Mining Africa's Health | Child Labor, Lead Poisoning and Accidents
|Workers in artisanal and small-scale mine.|
Workers in artisanal and small-scale mines dig, crush, grind and wash gems, gold, silver, copper, and mine coal and uranium. In Africa, Artisanal and Small-scale mining or ASM’s has been linked to a decline of agriculture, conflicts and civil war, natural disasters, and economic crisis.
Individuals rarely carry out artisanal mining; it is often a family activity where children of all ages engage in various types of mining activities where their parents work.
Poverty is the most important reason for the age of 15-24 population to quit school and go to work. Children may enter mining work for lack of alternative options such as school or other employment opportunities. Youth unemployment for ages 15-24 without work but available for and seeking employment is a 2013 average of 16.7 percent in Africa with South Africa having the most at 53.6 percent and Rwanda at .7 percent.
Since ASM’s are unlicensed, they are not regulated and health and safety issues, pollution to the environment, and child labor are chief concerns. Accidents and injuries from mining in unsafe tunnels unprotected open pits and use of explosives lead to severe and fatal accidents. Chemical exposure and limited access to safety equipment are a day-to-day risk for poor miners.
The term artisanal and small-scale mining generally refers to mining practiced by individuals, groups or communities often illegally. ASM’s usually operate without legal mining titles in most African countries. ASM does not have a standard definition since local definitions vary from country to country. People are drawn to ASM’s in Africa for the potential of making a lot of money quickly similar to the California gold rush miners from 1848-1855 in the United States.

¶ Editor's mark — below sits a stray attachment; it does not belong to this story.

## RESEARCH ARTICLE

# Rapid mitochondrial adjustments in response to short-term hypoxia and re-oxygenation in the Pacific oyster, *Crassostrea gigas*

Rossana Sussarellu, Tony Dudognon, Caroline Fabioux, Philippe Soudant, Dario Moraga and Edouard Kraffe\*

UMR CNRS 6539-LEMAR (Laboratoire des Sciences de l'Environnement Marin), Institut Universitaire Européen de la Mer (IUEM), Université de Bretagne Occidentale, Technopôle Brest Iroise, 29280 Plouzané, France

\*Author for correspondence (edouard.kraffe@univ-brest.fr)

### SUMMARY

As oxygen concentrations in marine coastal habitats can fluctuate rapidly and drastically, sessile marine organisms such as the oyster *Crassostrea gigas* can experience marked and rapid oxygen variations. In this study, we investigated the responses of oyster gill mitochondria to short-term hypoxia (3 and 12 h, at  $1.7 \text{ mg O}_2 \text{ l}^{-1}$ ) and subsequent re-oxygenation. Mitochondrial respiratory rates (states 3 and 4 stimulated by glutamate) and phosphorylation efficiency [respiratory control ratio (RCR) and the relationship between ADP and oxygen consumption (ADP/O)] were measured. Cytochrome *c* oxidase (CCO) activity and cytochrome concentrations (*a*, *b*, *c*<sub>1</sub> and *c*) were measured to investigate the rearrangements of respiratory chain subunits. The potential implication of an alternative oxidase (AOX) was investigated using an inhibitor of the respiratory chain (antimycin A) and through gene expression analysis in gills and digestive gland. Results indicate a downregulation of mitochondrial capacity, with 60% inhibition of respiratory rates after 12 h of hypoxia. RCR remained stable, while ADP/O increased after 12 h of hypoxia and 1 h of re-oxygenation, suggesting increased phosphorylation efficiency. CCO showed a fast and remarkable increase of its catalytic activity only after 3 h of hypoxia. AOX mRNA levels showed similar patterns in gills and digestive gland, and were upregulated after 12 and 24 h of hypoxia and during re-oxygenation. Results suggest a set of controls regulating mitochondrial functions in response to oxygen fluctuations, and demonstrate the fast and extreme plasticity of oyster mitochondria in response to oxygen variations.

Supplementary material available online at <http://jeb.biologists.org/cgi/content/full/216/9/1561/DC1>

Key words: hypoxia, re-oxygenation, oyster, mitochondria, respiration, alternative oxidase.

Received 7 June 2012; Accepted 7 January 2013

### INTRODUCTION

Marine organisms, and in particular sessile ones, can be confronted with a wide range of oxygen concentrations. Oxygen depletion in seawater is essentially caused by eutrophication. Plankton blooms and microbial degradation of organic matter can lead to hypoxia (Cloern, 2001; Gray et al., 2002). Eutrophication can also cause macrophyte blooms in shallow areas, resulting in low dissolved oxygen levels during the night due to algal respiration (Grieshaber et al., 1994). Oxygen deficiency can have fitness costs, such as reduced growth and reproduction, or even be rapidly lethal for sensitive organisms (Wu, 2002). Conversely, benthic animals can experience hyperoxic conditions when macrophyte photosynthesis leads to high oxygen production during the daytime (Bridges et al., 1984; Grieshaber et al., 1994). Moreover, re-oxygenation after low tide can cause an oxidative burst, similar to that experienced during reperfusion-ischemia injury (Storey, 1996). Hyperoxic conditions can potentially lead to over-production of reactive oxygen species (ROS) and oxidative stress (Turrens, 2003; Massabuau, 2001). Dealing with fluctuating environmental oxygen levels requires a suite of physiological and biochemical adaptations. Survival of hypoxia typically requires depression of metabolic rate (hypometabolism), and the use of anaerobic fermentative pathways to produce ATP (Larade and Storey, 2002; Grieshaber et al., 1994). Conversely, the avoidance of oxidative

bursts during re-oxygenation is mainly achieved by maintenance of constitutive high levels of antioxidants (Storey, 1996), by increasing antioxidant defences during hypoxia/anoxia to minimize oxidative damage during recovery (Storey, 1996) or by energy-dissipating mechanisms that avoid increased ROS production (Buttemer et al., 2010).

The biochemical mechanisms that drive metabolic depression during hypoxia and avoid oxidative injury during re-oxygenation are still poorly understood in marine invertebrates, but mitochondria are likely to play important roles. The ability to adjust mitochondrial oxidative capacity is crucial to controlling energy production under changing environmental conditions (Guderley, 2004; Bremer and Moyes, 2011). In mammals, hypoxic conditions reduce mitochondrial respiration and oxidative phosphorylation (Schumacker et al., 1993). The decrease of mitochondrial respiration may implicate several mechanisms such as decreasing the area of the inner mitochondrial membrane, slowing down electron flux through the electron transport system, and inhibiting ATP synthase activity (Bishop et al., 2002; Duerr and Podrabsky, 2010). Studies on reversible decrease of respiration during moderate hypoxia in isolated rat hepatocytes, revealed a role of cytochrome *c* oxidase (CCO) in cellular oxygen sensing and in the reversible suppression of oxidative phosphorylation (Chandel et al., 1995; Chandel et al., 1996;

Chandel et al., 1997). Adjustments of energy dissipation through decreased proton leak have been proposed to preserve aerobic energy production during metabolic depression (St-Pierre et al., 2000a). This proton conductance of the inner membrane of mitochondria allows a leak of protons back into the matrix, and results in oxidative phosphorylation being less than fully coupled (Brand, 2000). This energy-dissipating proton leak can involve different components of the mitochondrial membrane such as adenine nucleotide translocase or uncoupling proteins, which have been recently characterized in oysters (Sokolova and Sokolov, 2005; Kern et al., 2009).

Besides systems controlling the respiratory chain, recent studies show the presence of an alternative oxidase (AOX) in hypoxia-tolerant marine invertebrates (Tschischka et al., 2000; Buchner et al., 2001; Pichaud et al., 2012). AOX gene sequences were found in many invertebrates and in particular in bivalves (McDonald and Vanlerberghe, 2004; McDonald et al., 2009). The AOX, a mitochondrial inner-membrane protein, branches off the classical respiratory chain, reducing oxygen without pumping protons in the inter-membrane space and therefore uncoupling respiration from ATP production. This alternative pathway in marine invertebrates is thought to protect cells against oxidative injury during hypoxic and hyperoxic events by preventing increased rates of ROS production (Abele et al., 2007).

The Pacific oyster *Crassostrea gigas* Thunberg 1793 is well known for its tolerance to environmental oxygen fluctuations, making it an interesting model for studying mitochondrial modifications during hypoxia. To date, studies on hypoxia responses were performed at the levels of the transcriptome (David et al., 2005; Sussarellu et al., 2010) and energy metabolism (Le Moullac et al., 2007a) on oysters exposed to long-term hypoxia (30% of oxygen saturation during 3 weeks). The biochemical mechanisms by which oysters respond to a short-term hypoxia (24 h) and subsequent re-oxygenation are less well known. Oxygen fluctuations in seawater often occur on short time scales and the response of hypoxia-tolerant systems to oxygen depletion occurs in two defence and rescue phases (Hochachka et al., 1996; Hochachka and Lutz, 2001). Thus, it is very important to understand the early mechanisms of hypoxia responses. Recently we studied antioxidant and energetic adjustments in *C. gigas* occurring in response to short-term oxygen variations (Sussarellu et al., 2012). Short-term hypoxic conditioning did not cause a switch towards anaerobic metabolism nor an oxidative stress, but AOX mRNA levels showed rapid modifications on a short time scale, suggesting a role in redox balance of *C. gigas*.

|Artisanal and Small-scale mining.|
According to Doctors Without Borders /Médecins Sans Frontières (MSF), there was a major crisis with lead poisoning due to ASM mining.
The health impacts of ASM’s in Zamfara, Northwestern Nigeria March 2010 led MSF to detect lead poisoning in over 1,000 children. There were an estimated 400 deaths. In the town of Bagega, Nigeria there were an estimated 1,500 children exposed to lead poisoning. In both cases the lead poisoning was due to extraction of mercury-gold amalgam with high lead content.
Even if lead poisoning is treated, effective treatment is not available if people continue to live in contaminated areas and practice unsafe mining and ore processing activities. Children under five are particularly vulnerable to lead poisoning, and they are most at risk for severe illness and death. Children are closer to the ground often crawling and getting laden lead dust on their hands, which then ends up being ingested as they eat put their hands in their mouths.
Below are more links to gold mining articles you will find thought provoking.
- Gold Mining the Devils Office South Africa
- Gold Mining and Gangs in Nigeria
- Gold causes lead poisoning in African children